Most Popular Stories
- Austin apartments boomed and rents went down. Now, some builders are dismantling the cranes.
- As Council prepped public support, local Google workers learned of layoffs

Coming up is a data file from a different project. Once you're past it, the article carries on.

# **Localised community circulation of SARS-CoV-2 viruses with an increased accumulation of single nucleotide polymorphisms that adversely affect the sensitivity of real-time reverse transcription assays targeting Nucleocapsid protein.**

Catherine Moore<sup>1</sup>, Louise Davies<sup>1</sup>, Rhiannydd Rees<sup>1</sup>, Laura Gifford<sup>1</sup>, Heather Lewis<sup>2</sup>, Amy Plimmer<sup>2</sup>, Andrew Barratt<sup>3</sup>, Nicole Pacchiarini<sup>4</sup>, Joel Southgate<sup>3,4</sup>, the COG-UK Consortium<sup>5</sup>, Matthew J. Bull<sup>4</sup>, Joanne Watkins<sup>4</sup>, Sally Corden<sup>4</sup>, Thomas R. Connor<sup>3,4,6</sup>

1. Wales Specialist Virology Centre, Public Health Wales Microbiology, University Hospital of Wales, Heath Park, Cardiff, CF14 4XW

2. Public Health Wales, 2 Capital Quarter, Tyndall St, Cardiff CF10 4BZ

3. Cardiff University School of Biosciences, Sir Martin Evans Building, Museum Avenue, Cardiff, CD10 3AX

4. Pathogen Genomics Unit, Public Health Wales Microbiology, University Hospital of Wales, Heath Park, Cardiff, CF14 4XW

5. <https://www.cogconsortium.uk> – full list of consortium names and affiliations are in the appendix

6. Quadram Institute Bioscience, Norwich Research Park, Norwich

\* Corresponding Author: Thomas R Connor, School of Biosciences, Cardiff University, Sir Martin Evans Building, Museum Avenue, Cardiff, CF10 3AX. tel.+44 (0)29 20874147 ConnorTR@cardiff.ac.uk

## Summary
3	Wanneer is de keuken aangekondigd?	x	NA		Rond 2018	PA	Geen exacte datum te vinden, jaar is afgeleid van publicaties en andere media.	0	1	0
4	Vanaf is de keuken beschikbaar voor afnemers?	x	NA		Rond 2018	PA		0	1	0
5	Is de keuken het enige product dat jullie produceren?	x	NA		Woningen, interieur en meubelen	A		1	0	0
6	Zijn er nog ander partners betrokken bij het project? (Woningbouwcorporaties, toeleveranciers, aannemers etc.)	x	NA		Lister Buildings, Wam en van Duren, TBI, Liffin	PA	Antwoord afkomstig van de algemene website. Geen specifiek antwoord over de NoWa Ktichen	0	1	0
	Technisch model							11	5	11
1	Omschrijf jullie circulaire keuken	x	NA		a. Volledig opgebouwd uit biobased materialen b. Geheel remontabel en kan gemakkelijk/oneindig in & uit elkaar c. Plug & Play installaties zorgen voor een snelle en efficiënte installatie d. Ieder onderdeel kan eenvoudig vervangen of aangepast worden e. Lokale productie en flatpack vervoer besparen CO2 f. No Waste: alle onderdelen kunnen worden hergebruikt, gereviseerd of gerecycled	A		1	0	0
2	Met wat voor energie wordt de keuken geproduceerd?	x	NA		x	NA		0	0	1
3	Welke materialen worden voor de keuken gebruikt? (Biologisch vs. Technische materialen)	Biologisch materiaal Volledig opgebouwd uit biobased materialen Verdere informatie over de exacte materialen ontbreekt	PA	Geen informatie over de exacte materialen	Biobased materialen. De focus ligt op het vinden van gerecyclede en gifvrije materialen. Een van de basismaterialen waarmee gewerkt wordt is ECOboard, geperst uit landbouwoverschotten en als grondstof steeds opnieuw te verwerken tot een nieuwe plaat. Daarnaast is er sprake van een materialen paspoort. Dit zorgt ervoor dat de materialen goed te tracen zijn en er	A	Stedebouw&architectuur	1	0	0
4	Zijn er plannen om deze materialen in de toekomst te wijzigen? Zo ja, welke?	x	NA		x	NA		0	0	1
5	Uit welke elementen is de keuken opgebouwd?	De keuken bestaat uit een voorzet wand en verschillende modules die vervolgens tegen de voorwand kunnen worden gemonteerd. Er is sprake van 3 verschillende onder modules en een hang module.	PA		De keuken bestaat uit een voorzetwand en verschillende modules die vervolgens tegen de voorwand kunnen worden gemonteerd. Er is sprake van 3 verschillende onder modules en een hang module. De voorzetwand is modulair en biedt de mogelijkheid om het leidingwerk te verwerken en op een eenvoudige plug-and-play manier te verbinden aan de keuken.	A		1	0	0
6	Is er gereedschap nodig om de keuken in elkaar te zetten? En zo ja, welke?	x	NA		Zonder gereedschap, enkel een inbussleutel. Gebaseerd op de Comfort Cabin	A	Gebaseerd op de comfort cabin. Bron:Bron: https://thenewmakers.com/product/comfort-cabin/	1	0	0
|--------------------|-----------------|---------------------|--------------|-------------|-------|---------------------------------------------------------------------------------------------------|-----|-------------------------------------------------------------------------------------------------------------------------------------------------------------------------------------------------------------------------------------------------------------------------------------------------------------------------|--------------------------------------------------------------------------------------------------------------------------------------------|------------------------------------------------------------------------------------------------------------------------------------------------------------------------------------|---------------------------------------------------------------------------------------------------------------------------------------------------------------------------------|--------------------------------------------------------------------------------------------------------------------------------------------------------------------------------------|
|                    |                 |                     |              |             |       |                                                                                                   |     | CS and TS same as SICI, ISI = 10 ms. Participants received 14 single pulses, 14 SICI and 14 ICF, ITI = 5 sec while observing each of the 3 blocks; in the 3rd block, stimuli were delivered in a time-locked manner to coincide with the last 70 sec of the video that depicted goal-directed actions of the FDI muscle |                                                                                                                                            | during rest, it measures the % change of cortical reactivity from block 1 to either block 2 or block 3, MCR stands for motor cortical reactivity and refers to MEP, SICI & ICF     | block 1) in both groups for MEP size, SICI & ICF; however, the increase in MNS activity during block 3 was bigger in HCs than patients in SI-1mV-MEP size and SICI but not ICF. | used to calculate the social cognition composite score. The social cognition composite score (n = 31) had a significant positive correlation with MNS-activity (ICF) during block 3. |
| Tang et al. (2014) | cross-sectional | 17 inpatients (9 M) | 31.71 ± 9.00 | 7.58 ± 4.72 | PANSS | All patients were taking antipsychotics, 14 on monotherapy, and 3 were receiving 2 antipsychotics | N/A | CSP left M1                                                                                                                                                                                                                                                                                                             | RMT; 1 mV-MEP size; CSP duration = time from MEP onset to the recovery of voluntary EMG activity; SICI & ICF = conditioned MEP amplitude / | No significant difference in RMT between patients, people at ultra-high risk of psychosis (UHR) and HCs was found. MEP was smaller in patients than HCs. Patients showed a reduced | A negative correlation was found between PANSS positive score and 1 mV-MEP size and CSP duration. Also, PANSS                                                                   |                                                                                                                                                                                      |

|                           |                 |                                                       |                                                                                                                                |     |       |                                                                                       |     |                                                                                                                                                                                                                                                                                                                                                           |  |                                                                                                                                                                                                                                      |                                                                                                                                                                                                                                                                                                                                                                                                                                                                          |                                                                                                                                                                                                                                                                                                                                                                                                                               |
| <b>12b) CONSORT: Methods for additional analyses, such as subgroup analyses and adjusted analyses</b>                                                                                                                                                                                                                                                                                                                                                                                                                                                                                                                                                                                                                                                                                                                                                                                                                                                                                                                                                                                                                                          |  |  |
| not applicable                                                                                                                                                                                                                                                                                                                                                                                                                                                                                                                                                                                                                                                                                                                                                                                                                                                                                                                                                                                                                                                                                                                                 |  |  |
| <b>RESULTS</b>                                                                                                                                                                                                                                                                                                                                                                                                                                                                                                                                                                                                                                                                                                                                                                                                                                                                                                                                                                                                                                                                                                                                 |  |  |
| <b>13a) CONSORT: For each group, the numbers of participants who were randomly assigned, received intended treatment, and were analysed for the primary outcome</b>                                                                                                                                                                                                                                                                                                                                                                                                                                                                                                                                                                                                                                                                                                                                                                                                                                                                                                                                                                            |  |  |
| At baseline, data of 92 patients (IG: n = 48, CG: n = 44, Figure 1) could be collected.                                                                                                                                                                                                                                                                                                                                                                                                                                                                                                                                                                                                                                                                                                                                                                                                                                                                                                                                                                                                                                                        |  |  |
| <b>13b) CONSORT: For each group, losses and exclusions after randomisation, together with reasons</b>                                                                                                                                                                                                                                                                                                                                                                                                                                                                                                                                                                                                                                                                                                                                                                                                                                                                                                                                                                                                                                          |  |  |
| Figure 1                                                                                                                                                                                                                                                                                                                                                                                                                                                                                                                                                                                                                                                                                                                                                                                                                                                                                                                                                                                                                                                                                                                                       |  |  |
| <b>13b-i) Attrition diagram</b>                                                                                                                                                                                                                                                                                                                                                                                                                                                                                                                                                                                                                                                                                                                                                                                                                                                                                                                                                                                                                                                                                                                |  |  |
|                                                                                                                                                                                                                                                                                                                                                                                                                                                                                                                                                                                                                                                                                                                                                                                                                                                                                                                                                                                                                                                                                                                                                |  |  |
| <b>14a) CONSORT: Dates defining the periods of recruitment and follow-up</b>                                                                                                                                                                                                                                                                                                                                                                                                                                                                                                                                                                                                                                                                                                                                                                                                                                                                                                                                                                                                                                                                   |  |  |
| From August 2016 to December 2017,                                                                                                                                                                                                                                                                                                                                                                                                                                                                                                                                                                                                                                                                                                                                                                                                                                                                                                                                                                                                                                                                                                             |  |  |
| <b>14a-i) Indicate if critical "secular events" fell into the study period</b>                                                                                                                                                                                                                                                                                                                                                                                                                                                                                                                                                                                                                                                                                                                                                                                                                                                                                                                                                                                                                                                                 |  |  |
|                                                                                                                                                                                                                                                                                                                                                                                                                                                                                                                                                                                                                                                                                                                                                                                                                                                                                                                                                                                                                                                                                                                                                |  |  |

- Austin-area school board president abruptly resigns and leaves meeting
- Your ultimate guide to the I-35 expansion through Central Austin
- City breaks ground on the Barton Springs bathhouse
Discover News By District
Council split vote moves